PHP Singletons, Sub-Classing, and HAS-A Relationships

I’ve been very busy these last fews weeks and have neglected making any posts. While there are a variety of subjects I’d love to post about, they’ll most likely have to wait until the next year. However, I thought I might be able to throw up a quick example of how to use PHP Singletons and extending public classes.

The Singleton Pattern “is a design pattern that is used to restrict instantiation of a class to one object.” (Wikipedia) In PHP, a singleton is created by making the constructor protected or private. “How do you create an object then?” Its done in two parts. First, you make a static class variable that is private, to hold the instance. Second, create a static function to return the instance. Here is an example:

[php]
name = ‘John’;
}

static public function GetInstance()
{
// Check to see if the instance is null
if(!self::$_instance)
{
self::$_instance = new MySingleton();
}

return self::$_instance;
}

public function GetName()
{
return $this->name;
}
}

// Use the Singleton Class
$class = MySingleton::GetInstance();
echo “Hello, my name is: “.$class->GetName();

// Or you can call the function this way:
echo “Hello, my name is: “.MySingleton::GetInstance()->GetName();
?>
[/php]

Singletons can be create if you need only one instance of a class. You must be careful, however, because you don’t want to “lock” yourself into an implementation where you really need more than one instance.

Now, what if I want to have a singleton of a current class? Let me give you an example. I have a project with a User class. Its used all over the website for display user’s information. Now, I wanted to create a class called CurrentUser, which is a singleton that holds the instance for the currently logged in user. Why would I want to do this? Once I get a user’s information, I only want to have to retrieve it once. I was running into problems where different parts of the website would request the current user’s information over, and over.

So at first I tried to sub-class the User class. Something like this:

[php]

[/php]

There is only one problem: when I tried to declare the constructor private, it threw an error:

Fatal error: Access level to CurrentUser::__construct() must be public (as in class User) in /path/to/file.php on line 73

The problem is you can’t protect or privatize a public function. If a parent has a less restrictive function, it’s child cannot make it more restrictive. But with a singleton, the pattern’s goal is to restrict the construction of an object to ensure only one instance. So how do we overcome this problem? HAS-A relationship, instead of a IS-A.

HAS-A relationship uses class members instead inheritance to accomplish it’s design. Whats the difference? Instead of CurrentUser “being” a sub class of User, it “has” a member variable containing an instance of a User object. We then don’t have to worry about overriding the constructor. Here is how you could do it:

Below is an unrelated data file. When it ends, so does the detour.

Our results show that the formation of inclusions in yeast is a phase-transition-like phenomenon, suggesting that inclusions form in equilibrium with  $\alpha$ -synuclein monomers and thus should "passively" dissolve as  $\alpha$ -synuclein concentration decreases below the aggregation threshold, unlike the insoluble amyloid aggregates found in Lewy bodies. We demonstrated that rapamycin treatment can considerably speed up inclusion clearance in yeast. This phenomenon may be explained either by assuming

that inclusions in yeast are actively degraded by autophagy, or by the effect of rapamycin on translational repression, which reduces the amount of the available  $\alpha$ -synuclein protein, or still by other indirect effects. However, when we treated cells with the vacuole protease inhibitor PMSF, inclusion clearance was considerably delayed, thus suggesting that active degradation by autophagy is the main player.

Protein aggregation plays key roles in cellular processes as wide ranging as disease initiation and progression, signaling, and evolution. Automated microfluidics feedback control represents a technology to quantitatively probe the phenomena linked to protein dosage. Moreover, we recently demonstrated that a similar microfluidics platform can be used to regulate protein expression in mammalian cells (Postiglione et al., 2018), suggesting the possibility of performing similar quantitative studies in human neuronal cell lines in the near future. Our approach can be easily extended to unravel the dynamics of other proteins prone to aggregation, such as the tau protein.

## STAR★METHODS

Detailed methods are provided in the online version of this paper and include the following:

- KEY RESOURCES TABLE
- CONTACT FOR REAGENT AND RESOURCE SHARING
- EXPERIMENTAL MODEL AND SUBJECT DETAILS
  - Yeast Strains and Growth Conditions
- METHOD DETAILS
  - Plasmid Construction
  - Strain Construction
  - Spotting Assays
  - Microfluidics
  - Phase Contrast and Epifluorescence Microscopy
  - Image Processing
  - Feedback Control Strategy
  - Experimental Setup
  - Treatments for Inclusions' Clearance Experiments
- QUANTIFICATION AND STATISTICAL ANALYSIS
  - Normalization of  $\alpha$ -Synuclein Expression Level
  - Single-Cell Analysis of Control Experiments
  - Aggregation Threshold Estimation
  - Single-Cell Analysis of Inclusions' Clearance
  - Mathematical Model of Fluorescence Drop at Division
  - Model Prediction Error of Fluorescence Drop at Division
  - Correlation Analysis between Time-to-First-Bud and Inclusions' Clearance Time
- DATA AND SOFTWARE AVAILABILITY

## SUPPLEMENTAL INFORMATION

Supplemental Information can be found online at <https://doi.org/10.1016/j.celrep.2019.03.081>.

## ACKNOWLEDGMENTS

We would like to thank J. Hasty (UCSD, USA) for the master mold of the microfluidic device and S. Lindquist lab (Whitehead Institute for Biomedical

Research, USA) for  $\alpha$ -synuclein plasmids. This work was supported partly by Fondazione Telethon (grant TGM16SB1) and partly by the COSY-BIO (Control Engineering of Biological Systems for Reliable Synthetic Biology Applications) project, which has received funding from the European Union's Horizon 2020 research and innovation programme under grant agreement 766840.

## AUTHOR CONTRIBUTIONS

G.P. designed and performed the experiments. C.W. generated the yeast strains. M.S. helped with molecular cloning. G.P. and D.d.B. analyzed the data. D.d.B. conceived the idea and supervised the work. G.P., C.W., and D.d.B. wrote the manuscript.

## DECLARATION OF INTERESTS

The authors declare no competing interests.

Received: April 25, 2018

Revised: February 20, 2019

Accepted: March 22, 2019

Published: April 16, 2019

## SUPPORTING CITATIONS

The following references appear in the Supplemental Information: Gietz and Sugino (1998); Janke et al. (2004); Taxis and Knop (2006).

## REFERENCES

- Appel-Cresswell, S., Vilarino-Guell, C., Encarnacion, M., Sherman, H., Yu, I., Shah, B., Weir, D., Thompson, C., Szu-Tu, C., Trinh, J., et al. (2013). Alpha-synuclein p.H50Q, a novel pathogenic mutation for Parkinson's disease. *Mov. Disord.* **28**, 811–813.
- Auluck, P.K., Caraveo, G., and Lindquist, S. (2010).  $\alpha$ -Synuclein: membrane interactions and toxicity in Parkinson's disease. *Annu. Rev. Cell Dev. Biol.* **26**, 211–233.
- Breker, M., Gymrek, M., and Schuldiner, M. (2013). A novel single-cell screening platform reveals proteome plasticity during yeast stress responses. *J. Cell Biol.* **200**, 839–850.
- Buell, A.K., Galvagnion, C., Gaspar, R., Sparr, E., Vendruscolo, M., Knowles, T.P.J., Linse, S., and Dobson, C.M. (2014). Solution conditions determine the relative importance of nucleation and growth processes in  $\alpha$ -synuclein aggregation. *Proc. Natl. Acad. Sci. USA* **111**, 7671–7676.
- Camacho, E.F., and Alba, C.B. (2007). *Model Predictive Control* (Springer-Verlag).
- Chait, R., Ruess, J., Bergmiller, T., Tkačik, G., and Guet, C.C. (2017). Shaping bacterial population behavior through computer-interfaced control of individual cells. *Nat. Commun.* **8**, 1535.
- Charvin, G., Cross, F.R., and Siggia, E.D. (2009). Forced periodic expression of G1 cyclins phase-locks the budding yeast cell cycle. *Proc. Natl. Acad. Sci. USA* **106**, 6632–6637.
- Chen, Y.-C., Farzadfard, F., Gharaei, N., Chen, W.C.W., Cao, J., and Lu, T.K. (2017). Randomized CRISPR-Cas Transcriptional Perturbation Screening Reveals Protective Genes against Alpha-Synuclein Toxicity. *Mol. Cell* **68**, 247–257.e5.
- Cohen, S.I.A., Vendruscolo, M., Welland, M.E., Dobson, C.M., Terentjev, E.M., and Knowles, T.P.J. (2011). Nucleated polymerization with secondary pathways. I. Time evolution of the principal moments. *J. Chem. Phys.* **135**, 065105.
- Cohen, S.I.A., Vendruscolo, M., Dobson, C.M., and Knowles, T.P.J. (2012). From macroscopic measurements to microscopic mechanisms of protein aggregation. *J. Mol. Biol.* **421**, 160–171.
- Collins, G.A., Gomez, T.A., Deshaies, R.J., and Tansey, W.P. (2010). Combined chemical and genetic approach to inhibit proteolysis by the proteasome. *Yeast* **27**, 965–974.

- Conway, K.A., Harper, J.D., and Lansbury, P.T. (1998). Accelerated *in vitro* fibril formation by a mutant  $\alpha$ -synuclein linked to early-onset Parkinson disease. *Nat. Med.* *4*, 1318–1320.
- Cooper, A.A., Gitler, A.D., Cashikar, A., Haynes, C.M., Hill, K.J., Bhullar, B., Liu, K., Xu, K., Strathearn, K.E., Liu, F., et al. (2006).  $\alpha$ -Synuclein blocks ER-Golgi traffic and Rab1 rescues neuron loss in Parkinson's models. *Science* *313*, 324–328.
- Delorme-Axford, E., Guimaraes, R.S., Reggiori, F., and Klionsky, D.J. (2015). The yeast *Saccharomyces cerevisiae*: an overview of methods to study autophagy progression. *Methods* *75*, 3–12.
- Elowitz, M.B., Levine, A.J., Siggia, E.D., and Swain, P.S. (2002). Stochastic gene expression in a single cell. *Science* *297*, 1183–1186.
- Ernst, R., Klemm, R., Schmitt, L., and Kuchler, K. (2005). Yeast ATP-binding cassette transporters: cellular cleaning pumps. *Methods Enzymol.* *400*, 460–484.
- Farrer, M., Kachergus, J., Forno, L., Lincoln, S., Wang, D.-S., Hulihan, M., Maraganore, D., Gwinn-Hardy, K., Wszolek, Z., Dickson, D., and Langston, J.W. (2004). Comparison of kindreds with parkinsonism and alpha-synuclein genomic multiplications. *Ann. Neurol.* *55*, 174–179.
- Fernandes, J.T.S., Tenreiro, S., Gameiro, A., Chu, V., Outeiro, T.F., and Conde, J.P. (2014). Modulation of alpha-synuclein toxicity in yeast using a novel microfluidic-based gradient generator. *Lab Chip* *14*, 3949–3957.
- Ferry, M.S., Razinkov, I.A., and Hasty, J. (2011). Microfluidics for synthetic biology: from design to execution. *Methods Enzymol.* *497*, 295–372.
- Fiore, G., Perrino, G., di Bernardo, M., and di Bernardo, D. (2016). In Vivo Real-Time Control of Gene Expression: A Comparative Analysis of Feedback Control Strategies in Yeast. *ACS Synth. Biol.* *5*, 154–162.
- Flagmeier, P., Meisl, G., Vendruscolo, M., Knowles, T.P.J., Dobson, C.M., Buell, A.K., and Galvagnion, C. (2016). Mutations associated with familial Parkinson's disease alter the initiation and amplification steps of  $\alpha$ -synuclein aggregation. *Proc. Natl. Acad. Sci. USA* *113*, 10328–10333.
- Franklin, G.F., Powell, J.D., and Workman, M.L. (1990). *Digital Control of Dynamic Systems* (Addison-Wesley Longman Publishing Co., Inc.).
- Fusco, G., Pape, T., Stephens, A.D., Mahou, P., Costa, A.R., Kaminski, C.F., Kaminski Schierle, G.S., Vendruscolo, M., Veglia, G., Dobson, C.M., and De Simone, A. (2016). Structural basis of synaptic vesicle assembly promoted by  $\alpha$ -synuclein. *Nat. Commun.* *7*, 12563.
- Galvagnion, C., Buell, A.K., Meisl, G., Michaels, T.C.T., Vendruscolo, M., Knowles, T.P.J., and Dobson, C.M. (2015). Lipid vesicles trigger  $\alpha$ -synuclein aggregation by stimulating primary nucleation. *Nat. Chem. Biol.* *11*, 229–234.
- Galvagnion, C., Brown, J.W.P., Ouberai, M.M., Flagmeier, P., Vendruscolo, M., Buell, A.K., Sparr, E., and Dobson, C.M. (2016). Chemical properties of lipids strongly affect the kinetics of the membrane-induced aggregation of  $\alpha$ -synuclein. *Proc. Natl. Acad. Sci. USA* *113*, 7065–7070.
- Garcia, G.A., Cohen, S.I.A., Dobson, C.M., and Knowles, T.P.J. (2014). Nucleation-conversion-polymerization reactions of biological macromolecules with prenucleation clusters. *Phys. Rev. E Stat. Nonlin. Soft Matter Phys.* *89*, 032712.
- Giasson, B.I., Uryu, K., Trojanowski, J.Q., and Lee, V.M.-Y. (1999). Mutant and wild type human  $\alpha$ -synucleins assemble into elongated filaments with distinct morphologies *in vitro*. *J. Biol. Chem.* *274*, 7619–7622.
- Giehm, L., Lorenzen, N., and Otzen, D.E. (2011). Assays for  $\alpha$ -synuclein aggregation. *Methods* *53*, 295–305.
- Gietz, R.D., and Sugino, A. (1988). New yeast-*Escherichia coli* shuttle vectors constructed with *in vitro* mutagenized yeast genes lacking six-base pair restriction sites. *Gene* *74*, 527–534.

[php]
user = new User();

}

static public function GetInstance()
{
if(!self::$_instance)
{
self::$_instance = new CurrentUser();
}

// Instead of returning the singleton instance, return it’s user instance
return self::$_instance->user;
}
}

$user = CurrentUser::GetInstance();

?>
[/php]

Nifty how that works. As developers, its easy to think “sub-classing” is the best method. It feels very “OOP” and it works in many ways. However, many times our design in the long run is much more complicated than sub-classing can handle. HAS-A relationships can offer more flexibility in the long run. Hopefully this can help out some people, and give others an idea on how to make Singletons work for you.

3 thoughts on “PHP Singletons, Sub-Classing, and HAS-A Relationships

  1. Good stuff! Well written up, I’ve used a “registry” class in the past so I could store all kinds of data in one class rather than have lots of classes that effectively do nothing, but I guess both methods have their plus points.

    Like

  2. I dont think that “static private $_instance = null;” is good idea. Why is private for, if you could access from outside, like self::$_instance? It’s not private then. Why you are not using $_instance variable as static in your GetInstance function?

    Like

  3. Thanks for the question Timmy.

    The reason for “static private $_instance” is for several reasons.

    First, I declare it static so that the variable is the same across any and all instances of this class. It is important because I use a static method to retrieve this value. Static methods do not have access to “$this”.

    Second, the private is to ensure that the only manipulation done to the $_instance variable is by the CurrentUser class. By declaring it private, only functions withint the CurrentUser class have access to it. Outside I couldn’t do “CurrentUser::$_instance;” to retrieve the object. You only can access it through the GetInstance function. This helps safe-guard against developers on accidentally breaking functionality.

    I hope this helps.

    Like

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